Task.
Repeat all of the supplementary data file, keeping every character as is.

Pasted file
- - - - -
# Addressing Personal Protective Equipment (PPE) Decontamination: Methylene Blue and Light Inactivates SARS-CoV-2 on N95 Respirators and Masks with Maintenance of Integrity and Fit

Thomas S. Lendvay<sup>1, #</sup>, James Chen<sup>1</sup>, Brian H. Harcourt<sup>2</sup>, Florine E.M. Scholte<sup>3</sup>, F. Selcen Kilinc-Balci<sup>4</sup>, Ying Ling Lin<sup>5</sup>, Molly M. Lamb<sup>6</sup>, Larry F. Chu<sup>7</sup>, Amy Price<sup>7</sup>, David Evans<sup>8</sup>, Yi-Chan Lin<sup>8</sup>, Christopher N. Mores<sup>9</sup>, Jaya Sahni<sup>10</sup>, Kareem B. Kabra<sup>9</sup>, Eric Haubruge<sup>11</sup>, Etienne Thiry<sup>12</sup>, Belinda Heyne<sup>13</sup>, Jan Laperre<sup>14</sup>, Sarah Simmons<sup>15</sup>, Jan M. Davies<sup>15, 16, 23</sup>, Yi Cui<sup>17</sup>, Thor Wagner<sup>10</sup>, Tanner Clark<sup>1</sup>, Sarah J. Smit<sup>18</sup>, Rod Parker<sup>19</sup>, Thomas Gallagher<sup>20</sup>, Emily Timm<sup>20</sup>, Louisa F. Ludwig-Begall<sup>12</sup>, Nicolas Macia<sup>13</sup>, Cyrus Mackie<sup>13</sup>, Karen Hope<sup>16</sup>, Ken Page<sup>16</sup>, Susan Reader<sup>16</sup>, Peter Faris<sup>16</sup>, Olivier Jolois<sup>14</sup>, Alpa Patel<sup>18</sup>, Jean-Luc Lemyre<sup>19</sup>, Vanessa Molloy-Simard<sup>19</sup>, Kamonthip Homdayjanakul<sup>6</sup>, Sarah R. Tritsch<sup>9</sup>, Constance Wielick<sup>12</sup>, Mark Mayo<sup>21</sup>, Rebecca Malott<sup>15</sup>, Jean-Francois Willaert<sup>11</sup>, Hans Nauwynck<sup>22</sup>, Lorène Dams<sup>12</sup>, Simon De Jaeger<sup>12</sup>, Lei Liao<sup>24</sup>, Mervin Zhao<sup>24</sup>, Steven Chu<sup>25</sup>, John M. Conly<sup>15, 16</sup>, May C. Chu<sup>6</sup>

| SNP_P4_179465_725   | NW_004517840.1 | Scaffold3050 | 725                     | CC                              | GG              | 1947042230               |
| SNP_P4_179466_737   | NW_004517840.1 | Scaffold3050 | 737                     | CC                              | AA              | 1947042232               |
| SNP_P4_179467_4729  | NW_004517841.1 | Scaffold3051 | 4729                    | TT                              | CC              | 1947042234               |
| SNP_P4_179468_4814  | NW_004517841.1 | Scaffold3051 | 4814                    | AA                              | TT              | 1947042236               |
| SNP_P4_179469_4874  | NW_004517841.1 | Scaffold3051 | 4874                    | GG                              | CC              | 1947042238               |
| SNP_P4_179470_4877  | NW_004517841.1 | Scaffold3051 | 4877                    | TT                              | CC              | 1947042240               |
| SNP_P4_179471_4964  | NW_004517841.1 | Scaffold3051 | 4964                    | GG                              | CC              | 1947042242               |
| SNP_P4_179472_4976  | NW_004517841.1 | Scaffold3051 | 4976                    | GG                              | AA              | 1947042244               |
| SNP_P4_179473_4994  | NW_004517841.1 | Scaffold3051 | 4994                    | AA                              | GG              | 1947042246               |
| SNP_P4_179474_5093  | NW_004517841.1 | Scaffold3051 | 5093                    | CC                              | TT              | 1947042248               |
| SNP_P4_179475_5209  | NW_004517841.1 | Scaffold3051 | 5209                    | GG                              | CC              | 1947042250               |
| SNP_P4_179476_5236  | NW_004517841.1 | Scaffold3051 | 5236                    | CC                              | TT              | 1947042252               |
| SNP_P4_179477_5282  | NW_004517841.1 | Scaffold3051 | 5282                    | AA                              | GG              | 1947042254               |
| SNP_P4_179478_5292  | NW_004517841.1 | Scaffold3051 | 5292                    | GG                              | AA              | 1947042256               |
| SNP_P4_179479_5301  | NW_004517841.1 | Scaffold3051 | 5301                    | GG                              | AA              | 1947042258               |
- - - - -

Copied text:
# Addressing Personal Protective Equipment (PPE) Decontamination: Methylene Blue and Light Inactivates SARS-CoV-2 on N95 Respirators and Masks with Maintenance of Integrity and Fit

Thomas S. Lendvay<sup>1, #</sup>, James Chen<sup>1</sup>, Brian H. Harcourt<sup>2</sup>, Florine E.M. Scholte<sup>3</sup>, F. Selcen Kilinc-Balci<sup>4</sup>, Ying Ling Lin<sup>5</sup>, Molly M. Lamb<sup>6</sup>, Larry F. Chu<sup>7</sup>, Amy Price<sup>7</sup>, David Evans<sup>8</sup>, Yi-Chan Lin<sup>8</sup>, Christopher N. Mores<sup>9</sup>, Jaya Sahni<sup>10</sup>, Kareem B. Kabra<sup>9</sup>, Eric Haubruge<sup>11</sup>, Etienne Thiry<sup>12</sup>, Belinda Heyne<sup>13</sup>, Jan Laperre<sup>14</sup>, Sarah Simmons<sup>15</sup>, Jan M. Davies<sup>15, 16, 23</sup>, Yi Cui<sup>17</sup>, Thor Wagner<sup>10</sup>, Tanner Clark<sup>1</sup>, Sarah J. Smit<sup>18</sup>, Rod Parker<sup>19</sup>, Thomas Gallagher<sup>20</sup>, Emily Timm<sup>20</sup>, Louisa F. Ludwig-Begall<sup>12</sup>, Nicolas Macia<sup>13</sup>, Cyrus Mackie<sup>13</sup>, Karen Hope<sup>16</sup>, Ken Page<sup>16</sup>, Susan Reader<sup>16</sup>, Peter Faris<sup>16</sup>, Olivier Jolois<sup>14</sup>, Alpa Patel<sup>18</sup>, Jean-Luc Lemyre<sup>19</sup>, Vanessa Molloy-Simard<sup>19</sup>, Kamonthip Homdayjanakul<sup>6</sup>, Sarah R. Tritsch<sup>9</sup>, Constance Wielick<sup>12</sup>, Mark Mayo<sup>21</sup>, Rebecca Malott<sup>15</sup>, Jean-Francois Willaert<sup>11</sup>, Hans Nauwynck<sup>22</sup>, Lorène Dams<sup>12</sup>, Simon De Jaeger<sup>12</sup>, Lei Liao<sup>24</sup>, Mervin Zhao<sup>24</sup>, Steven Chu<sup>25</sup>, John M. Conly<sup>15, 16</sup>, May C. Chu<sup>6</sup>

| SNP_P4_179465_725   | NW_004517840.1 | Scaffold3050 | 725                     | CC                              | GG              | 1947042230               |
| SNP_P4_179466_737   | NW_004517840.1 | Scaffold3050 | 737                     | CC                              | AA              | 1947042232               |
| SNP_P4_179467_4729  | NW_004517841.1 | Scaffold3051 | 4729                    | TT                              | CC              | 1947042234               |
| SNP_P4_179468_4814  | NW_004517841.1 | Scaffold3051 | 4814                    | AA                              | TT              | 1947042236               |
| SNP_P4_179469_4874  | NW_004517841.1 | Scaffold3051 | 4874                    | GG                              | CC              | 1947042238               |
| SNP_P4_179470_4877  | NW_004517841.1 | Scaffold3051 | 4877                    | TT                              | CC              | 1947042240               |
| SNP_P4_179471_4964  | NW_004517841.1 | Scaffold3051 | 4964                    | GG                              | CC              | 1947042242               |
| SNP_P4_179472_4976  | NW_004517841.1 | Scaffold3051 | 4976                    | GG                              | AA              | 1947042244               |
| SNP_P4_179473_4994  | NW_004517841.1 | Scaffold3051 | 4994                    | AA                              | GG              | 1947042246               |
| SNP_P4_179474_5093  | NW_004517841.1 | Scaffold3051 | 5093                    | CC                              | TT              | 1947042248               |
| SNP_P4_179475_5209  | NW_004517841.1 | Scaffold3051 | 5209                    | GG                              | CC              | 1947042250               |
| SNP_P4_179476_5236  | NW_004517841.1 | Scaffold3051 | 5236                    | CC                              | TT              | 1947042252               |
| SNP_P4_179477_5282  | NW_004517841.1 | Scaffold3051 | 5282                    | AA                              | GG              | 1947042254               |
| SNP_P4_179478_5292  | NW_004517841.1 | Scaffold3051 | 5292                    | GG                              | AA              | 1947042256               |
| SNP_P4_179479_5301  | NW_004517841.1 | Scaffold3051 | 5301                    | GG                              | AA              | 1947042258               |